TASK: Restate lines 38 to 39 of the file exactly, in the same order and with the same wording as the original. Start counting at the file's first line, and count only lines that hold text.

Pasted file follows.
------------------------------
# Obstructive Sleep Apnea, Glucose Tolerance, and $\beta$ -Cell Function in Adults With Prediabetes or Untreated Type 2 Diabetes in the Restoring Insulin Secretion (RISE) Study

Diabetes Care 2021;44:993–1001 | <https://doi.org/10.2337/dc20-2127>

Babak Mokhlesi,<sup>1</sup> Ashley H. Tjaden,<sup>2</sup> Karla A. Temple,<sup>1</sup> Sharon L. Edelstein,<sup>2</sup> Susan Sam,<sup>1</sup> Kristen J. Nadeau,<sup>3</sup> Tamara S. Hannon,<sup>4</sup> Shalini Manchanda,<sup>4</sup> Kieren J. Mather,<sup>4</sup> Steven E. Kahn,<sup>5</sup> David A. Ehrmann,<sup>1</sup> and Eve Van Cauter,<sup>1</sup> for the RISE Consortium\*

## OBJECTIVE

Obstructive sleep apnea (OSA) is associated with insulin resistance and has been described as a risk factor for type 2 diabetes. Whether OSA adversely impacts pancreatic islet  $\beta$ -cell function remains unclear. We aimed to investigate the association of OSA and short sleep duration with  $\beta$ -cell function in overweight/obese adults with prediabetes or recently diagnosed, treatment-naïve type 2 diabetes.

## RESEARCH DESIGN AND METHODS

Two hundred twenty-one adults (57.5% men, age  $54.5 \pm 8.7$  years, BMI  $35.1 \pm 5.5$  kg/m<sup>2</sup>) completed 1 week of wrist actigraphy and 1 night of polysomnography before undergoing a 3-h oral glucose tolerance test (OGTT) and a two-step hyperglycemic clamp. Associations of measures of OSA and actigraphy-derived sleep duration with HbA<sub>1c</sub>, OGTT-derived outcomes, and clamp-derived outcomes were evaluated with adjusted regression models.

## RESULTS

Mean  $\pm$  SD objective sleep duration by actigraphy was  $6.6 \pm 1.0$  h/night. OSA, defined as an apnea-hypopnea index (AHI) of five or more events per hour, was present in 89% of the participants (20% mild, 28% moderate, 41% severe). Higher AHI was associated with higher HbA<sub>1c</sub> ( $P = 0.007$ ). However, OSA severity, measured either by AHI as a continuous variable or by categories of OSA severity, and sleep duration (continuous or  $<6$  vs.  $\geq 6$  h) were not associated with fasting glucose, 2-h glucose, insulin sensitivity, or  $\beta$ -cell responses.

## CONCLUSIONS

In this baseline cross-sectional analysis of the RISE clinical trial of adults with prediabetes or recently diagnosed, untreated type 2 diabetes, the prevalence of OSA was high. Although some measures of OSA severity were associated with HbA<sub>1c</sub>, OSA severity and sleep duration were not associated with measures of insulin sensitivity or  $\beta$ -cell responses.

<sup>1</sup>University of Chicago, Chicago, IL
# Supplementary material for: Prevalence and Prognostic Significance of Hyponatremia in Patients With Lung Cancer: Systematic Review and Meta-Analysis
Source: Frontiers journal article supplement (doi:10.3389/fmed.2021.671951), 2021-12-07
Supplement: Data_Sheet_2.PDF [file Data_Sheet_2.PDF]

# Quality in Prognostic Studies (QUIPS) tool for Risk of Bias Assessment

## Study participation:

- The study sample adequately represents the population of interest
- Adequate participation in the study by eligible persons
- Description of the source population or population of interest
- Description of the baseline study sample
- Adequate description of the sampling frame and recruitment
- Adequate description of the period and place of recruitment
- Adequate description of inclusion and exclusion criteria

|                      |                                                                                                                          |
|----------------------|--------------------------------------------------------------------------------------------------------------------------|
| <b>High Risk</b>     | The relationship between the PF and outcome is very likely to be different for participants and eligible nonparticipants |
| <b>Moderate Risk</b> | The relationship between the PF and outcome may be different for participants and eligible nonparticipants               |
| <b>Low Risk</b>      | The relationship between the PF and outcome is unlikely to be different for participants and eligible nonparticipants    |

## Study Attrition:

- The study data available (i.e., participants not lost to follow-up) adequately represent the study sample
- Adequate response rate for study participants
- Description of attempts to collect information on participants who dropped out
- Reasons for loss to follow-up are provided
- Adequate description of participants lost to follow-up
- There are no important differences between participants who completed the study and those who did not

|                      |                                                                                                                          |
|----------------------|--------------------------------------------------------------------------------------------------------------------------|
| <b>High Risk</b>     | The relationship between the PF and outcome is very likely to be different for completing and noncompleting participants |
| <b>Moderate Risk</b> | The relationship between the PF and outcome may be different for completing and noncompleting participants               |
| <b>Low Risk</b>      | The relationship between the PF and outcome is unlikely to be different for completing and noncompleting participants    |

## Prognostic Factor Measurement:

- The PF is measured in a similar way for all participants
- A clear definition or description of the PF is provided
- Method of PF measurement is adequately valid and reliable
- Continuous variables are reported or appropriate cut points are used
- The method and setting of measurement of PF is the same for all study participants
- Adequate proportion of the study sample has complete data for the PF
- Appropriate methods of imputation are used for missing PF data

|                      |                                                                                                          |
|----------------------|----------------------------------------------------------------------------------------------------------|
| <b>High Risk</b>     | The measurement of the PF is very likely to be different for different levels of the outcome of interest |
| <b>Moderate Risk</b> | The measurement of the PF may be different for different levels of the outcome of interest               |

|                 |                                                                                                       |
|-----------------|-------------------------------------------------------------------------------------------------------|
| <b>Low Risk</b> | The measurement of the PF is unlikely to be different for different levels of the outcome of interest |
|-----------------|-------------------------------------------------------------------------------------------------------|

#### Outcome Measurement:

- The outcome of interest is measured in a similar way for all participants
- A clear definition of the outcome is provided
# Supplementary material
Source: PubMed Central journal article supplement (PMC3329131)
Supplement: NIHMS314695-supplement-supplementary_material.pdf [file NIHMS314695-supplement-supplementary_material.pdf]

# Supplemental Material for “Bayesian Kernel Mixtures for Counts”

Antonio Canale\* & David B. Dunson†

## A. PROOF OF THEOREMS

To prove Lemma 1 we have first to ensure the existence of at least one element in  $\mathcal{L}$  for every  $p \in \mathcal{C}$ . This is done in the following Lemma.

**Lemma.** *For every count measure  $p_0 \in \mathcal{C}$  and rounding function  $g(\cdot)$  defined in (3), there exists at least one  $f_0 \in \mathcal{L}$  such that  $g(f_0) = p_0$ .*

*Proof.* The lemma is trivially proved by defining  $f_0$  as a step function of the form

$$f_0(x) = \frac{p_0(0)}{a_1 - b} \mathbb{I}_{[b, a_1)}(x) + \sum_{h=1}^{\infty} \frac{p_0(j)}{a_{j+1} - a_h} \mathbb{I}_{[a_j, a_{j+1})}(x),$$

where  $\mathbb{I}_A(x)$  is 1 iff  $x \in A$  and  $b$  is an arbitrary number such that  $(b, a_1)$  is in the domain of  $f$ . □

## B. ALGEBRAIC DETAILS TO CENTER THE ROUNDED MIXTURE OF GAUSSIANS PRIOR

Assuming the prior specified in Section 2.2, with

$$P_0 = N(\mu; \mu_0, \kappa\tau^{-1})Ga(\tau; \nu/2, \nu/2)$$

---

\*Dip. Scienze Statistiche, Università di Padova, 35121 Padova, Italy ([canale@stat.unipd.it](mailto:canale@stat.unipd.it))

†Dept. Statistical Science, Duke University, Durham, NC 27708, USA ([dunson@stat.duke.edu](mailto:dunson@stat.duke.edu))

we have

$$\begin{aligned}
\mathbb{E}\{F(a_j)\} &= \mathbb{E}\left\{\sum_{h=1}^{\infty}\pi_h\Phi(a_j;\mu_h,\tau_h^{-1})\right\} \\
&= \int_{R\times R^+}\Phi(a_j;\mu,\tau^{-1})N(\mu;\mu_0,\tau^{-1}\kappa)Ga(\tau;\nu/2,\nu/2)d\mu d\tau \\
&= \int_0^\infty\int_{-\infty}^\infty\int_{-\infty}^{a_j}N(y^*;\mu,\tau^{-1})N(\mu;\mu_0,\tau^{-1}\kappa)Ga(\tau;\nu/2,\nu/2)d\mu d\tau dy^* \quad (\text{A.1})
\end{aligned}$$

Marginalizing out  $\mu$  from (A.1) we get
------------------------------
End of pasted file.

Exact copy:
|----------------------|--------------------------------------------------------------------------------------------------------------------------|
| <b>High Risk</b>     | The relationship between the PF and outcome is very likely to be different for completing and noncompleting participants |